The Math of Driving Way Too Fast.

by Steve Baker.
How fast can a MINI Cooper S go? The specifications for the car say 135mph is the top speed - but can we use math to demonstrate that?

When you are driving at a steady speed in a straight line on a level road, your speed is limited by the amount of engine power it takes to overcome the air resistance and the friction of the wheels against the road. But at high speeds, the air resistance is by far the most important thing.

The Physics formula for air resistance says that the drag on your car is proportional to the square of the speed - and the amount of power consumed to overcome that drag is proportional to the cube of the speed:

```
Fd = Cd x 0.5 x rho x A x V-squared

P = Fd x V

```
Where:
• P = Power (in Watts) required to overcome the air resistance.
• Fd = The drag force (in Newtons)
• Cd = Coefficient of drag (0.36 for MCS, 0.35 for MC)
• rho = Density of the air (about 1.22 kg/cu.m - depending on temperature, pressure, and humitidy)
• A = Frontal area in sq.m. (about 2.0 sq.m I estimate).
• V = Forward speed in m/sec (Top speed for a MINI Cooper 'S' is 135mph which is 60.35 m/sec).
So at 135mph, the force of the wind on the front of an MCS is 1600 Newtons - about a fifth of a ton - the weight of two good sized baby elephants! The power required to overcome that amount of drag is 96.5 kilowatts - or 129.4 horsepower in quaint american units.

With a 165HP engine (which is 123 kilowatts), about 78% of the power of the engine is needed just to overcome the air resistance. The remaining 35.6 horsepower is required to overcome the 'rolling resistance' of the wheels against the road.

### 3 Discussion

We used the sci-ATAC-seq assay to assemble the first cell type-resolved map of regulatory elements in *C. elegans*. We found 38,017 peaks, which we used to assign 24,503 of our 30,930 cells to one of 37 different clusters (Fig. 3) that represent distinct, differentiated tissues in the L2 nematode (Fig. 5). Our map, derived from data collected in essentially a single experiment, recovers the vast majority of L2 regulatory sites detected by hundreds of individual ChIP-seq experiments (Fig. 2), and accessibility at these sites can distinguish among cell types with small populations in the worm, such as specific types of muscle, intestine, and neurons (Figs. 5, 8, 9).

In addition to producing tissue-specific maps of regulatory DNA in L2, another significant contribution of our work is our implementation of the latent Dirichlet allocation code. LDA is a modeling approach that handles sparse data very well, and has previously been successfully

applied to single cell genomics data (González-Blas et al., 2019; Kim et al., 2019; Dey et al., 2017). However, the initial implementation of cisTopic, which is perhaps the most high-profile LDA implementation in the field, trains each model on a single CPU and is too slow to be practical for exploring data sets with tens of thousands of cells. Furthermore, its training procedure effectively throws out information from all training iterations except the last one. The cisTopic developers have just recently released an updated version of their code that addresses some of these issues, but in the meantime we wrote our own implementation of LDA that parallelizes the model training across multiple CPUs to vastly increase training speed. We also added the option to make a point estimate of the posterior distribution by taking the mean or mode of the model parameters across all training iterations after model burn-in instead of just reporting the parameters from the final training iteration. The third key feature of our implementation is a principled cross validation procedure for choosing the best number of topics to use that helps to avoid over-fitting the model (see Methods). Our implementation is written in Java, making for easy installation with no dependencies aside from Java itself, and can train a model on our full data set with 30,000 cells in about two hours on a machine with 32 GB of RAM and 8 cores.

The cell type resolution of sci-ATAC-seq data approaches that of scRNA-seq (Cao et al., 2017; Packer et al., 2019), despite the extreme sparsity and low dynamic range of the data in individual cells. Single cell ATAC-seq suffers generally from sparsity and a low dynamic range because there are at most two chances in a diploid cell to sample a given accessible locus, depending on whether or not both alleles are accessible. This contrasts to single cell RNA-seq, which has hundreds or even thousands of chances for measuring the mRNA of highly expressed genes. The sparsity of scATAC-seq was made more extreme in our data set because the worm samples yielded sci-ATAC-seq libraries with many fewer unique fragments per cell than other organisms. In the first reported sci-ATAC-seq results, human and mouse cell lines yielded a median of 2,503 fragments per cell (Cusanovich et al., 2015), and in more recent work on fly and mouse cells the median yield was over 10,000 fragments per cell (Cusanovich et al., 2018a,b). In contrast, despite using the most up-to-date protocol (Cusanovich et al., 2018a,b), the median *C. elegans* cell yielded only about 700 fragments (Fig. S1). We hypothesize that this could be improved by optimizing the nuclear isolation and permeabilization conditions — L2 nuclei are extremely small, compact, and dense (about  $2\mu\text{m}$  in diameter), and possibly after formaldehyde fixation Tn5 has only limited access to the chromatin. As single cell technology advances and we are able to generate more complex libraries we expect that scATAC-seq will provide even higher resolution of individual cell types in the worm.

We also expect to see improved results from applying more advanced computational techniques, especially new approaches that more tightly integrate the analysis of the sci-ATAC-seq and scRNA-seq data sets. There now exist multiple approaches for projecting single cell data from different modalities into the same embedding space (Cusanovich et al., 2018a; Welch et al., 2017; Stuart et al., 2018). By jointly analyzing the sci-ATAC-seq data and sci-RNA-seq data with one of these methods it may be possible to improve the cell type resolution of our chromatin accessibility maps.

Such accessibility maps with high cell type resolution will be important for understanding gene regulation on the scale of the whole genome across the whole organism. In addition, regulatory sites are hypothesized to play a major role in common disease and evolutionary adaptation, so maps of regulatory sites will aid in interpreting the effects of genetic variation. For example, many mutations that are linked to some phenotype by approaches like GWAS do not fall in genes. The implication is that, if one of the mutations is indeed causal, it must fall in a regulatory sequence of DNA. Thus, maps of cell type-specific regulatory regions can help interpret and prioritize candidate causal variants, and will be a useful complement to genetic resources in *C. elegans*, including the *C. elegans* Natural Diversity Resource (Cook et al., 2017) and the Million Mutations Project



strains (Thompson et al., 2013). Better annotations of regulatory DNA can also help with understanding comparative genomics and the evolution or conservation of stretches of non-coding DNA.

In an aerodynamics web site that I'm rather fond of it says:

"A modern car (drag coefficient 0.34) with a 110 kW (150 HP) engine will be using about 4.6 kW (6 HP) of power to overcome air drag and 11 kW (14 HP) for mechanical propulsion (rolling resistance etc.) when it is being driven at a constant 80 km/h (22.2 m/s, 49 mph). When driving at its top speed of 210 km/h (58 m/s, 128 mph) it will be using 82 kW (112 HP) to overcome drag and the remaining 28 kW (38 HP) to overcome rolling resistance etc."
They are saying that their hypothetical car needs 38 HP to overcome the rolling resistance - which pretty close to the 35.6 HP that I estimate that the MCS has available at 135mph.

What all of these numbers show is that the MINI probably can't go faster than 135 unless you can either reduce the drag or increase the horsepower.

In all of this math, the speed we are measuring is the speed through the air - not the speed along the ground. So driving at high speeds into a 10mph headwind will pretty much directly reduce the speed measured on your speedometer by 10mph. At slower speeds, your 'rolling resistance' will be much more important in determining your speed than air resistance - so you don't feel the effect of the wind anywhere near as much as when you are driving fast.